Getting to Well: Women and the Health Care Battles

Part: 5

Health Reformers Say Women Win, No Matter What

Sunday, October 25, 2009

Democrats are making expanded access to health care coverage for women a large part of the final push for health care overhaul legislation before the end of the year.

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When asked why men's policies should include services that only women can receive, Stabenow said it is a critical way to ensure women do not have to bear a higher financial burden than men.

Other health conditions that are mostly or completely gender-specific, such as prostate cancer in men and breast cancer in women, are generally included in all individual insurance policies regardless of the policyholder's sex, according to insurance experts.

All versions of health care reform would require insurers to allow children to remain on parental policies through age 26.

This would enable young women to retain needed care between the time when they leave college and establish a career for themselves. Research finds that younger women tend to use more health care for annual exams compared to young men, who often go years without even annual checkups.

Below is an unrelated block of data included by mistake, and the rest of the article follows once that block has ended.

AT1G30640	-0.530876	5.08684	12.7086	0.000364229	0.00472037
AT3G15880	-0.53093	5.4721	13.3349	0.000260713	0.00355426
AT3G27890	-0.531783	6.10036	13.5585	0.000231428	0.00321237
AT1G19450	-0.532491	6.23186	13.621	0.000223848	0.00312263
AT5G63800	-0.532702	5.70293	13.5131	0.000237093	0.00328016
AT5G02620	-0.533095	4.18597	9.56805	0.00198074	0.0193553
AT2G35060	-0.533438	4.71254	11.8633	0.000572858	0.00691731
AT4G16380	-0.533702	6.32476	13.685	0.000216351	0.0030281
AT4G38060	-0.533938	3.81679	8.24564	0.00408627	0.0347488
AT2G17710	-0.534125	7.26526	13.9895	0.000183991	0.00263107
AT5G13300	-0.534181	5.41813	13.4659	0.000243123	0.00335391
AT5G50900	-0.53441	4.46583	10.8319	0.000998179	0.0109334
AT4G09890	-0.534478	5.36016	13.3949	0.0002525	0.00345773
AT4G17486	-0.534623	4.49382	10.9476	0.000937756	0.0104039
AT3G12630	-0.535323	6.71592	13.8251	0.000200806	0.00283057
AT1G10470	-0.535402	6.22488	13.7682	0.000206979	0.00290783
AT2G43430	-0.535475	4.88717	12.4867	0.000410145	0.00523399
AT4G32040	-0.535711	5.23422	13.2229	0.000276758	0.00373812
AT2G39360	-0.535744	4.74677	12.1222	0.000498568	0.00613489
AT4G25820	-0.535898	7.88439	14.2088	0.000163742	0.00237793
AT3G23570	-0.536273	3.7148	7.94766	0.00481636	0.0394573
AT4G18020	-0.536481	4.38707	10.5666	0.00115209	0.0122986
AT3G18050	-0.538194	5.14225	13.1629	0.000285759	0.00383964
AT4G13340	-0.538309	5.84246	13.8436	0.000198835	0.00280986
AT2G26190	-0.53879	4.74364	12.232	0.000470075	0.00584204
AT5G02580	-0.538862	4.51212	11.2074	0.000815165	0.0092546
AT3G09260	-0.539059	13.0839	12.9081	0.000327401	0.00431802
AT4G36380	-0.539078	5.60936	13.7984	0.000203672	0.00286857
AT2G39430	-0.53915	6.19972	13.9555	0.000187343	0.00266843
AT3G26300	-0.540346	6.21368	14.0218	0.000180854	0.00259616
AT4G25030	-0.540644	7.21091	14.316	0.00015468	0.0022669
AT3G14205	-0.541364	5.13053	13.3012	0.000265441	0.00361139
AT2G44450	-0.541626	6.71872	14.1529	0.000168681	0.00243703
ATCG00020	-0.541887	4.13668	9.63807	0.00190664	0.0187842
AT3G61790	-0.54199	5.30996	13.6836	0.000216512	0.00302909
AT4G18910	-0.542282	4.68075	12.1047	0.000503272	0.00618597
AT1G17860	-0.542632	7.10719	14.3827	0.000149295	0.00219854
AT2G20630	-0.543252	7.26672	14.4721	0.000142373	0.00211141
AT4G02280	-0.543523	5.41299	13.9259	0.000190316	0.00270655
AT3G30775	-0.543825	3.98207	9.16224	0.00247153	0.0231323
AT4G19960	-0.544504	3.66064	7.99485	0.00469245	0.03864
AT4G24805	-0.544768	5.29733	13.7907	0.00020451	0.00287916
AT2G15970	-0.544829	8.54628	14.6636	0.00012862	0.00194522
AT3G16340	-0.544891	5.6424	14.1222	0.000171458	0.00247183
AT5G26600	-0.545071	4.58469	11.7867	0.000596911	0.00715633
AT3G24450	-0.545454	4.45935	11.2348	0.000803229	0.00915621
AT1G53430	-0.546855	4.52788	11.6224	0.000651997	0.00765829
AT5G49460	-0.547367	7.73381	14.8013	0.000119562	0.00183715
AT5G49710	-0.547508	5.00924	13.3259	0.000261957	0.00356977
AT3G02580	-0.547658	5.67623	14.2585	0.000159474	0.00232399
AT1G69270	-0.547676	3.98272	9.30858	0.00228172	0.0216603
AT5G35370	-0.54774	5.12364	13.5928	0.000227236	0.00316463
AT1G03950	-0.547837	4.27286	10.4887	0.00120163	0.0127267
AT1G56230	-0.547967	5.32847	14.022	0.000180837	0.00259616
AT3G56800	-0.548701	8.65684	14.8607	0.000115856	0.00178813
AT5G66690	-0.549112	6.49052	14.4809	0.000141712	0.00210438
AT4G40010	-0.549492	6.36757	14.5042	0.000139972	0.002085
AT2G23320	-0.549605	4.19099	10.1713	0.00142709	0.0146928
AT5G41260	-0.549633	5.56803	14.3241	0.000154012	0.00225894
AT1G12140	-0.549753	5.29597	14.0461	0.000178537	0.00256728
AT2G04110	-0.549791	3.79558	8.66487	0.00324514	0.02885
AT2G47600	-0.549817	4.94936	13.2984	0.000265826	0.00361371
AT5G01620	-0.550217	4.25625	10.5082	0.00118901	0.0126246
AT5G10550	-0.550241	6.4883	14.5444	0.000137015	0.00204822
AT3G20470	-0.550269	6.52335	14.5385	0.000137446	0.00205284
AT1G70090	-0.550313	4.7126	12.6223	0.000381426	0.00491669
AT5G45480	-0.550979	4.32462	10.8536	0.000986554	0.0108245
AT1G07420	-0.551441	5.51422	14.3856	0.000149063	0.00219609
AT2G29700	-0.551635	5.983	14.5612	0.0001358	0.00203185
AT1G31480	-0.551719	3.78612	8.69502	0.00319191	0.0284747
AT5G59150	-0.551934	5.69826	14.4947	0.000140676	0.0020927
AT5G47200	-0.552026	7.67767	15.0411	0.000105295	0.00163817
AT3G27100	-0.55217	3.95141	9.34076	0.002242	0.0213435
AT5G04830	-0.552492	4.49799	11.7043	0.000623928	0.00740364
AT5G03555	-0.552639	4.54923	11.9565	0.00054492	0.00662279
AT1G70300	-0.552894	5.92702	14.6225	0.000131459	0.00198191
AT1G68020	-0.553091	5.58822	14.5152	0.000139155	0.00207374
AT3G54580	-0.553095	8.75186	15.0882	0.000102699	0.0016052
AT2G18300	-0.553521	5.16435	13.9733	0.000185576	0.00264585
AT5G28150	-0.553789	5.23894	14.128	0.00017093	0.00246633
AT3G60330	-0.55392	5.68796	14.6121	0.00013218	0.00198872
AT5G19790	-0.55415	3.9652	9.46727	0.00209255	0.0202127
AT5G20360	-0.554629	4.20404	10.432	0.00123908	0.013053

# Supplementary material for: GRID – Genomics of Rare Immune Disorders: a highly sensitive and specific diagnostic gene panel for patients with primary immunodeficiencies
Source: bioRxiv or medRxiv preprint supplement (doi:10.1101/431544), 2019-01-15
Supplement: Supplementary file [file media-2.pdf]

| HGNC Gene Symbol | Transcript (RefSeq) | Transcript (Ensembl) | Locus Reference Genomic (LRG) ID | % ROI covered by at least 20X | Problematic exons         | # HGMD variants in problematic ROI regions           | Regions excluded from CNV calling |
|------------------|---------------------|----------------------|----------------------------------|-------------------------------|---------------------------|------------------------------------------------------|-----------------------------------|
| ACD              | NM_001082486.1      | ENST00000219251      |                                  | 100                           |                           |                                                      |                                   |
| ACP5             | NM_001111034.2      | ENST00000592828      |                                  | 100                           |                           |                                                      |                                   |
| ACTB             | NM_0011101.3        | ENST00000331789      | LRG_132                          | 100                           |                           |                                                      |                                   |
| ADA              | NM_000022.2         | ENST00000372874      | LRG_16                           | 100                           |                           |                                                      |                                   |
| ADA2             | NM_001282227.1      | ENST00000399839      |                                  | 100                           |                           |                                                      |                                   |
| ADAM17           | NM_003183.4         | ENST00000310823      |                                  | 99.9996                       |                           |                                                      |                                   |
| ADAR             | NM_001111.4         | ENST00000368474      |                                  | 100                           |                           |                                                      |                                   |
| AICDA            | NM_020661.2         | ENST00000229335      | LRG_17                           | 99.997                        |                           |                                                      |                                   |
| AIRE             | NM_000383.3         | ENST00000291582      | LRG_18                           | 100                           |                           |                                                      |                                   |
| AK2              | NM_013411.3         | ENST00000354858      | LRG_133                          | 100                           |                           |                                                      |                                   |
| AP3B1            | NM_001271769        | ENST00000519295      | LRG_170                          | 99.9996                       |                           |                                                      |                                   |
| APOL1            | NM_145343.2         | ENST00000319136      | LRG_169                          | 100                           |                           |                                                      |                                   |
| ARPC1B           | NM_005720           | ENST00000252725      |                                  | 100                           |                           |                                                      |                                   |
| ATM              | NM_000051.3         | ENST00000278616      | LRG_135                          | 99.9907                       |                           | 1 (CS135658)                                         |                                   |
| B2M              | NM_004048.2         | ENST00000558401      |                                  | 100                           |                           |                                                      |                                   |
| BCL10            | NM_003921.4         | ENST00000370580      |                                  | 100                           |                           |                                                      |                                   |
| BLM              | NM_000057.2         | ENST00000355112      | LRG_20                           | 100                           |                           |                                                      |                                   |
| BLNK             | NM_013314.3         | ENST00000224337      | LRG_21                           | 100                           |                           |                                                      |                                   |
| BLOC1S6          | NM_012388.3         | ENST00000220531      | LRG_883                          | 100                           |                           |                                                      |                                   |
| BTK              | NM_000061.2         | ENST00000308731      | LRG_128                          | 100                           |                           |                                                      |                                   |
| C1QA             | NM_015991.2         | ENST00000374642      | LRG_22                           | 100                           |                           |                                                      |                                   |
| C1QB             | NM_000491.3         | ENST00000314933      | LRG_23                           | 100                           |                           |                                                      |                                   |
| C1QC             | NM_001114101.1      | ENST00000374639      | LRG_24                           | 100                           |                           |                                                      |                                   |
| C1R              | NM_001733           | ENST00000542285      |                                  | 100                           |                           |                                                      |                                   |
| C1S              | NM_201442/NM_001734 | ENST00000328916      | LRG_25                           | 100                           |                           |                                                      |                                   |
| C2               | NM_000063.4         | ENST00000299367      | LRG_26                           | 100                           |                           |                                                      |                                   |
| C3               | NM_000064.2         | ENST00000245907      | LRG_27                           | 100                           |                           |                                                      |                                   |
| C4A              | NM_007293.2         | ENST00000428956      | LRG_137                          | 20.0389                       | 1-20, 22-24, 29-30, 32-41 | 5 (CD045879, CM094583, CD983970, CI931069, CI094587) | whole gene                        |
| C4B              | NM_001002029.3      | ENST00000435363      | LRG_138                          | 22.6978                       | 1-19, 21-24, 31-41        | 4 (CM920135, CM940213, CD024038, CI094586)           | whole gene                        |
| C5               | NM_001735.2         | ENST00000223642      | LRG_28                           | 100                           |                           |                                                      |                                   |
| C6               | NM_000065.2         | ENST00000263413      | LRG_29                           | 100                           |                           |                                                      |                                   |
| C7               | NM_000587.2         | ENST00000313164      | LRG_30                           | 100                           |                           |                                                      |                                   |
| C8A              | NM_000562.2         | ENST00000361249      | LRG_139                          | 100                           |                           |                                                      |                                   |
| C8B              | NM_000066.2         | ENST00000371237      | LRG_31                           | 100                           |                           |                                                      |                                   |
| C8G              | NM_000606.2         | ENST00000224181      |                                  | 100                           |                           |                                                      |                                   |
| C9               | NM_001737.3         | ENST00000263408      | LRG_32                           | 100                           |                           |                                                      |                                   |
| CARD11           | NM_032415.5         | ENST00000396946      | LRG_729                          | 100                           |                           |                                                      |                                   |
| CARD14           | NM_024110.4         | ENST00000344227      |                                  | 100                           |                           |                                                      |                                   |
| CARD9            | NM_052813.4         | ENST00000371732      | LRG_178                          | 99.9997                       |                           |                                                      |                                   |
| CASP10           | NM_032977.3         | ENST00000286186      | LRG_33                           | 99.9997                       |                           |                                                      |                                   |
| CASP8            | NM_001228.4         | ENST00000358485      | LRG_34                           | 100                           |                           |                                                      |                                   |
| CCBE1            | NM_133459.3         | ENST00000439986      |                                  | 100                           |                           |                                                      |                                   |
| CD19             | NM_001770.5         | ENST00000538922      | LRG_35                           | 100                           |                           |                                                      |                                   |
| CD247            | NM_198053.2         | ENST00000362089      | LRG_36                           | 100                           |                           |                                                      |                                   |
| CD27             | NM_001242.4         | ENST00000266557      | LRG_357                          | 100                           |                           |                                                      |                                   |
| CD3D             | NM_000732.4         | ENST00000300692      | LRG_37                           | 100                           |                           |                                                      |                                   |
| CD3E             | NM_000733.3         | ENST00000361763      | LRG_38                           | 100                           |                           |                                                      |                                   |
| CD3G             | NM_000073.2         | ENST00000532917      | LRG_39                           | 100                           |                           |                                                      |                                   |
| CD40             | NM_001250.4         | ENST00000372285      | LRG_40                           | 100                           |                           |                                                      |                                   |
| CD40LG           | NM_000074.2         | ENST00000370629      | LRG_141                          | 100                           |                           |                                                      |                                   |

"I know this is a great concern for the women that I talk to," Stabenow said.

The advocates hope these changes will both expand access for many currently uninsured women, as well as offer new protections to women who already have insurance.

Female-Friendly Provisions

The bills also contain provisions that prohibit insurers from charging women more than men for coverage and eliminate co-payments on "recommended preventative services," such as breast cancer screening and well-baby visits. All insurance policies would also be required to cover critical primary care services, such as prenatal and maternity care.

Other aspects of health care reform will also have a greater impact on women, such as bans on insurers denying coverage for pre-existing conditions, since more women have conditions that are categorized in this way.

An October poll by the Associated Press found that women, like the general public, are generally split on their support for the health care bills advancing in Congress. However, it also found that women younger than 55 slightly favor the legislation.

A recent Zogby International poll found positions on health care reform falling along sharp partisan lines, with Democrats 10 times more likely than Republicans to rate the nation's health care system as poor, and eight times more likely to say health care is a right, not a privilege.

Rich Daly is a writer in Washington, D.C.

For more information:

Zogby health care poll

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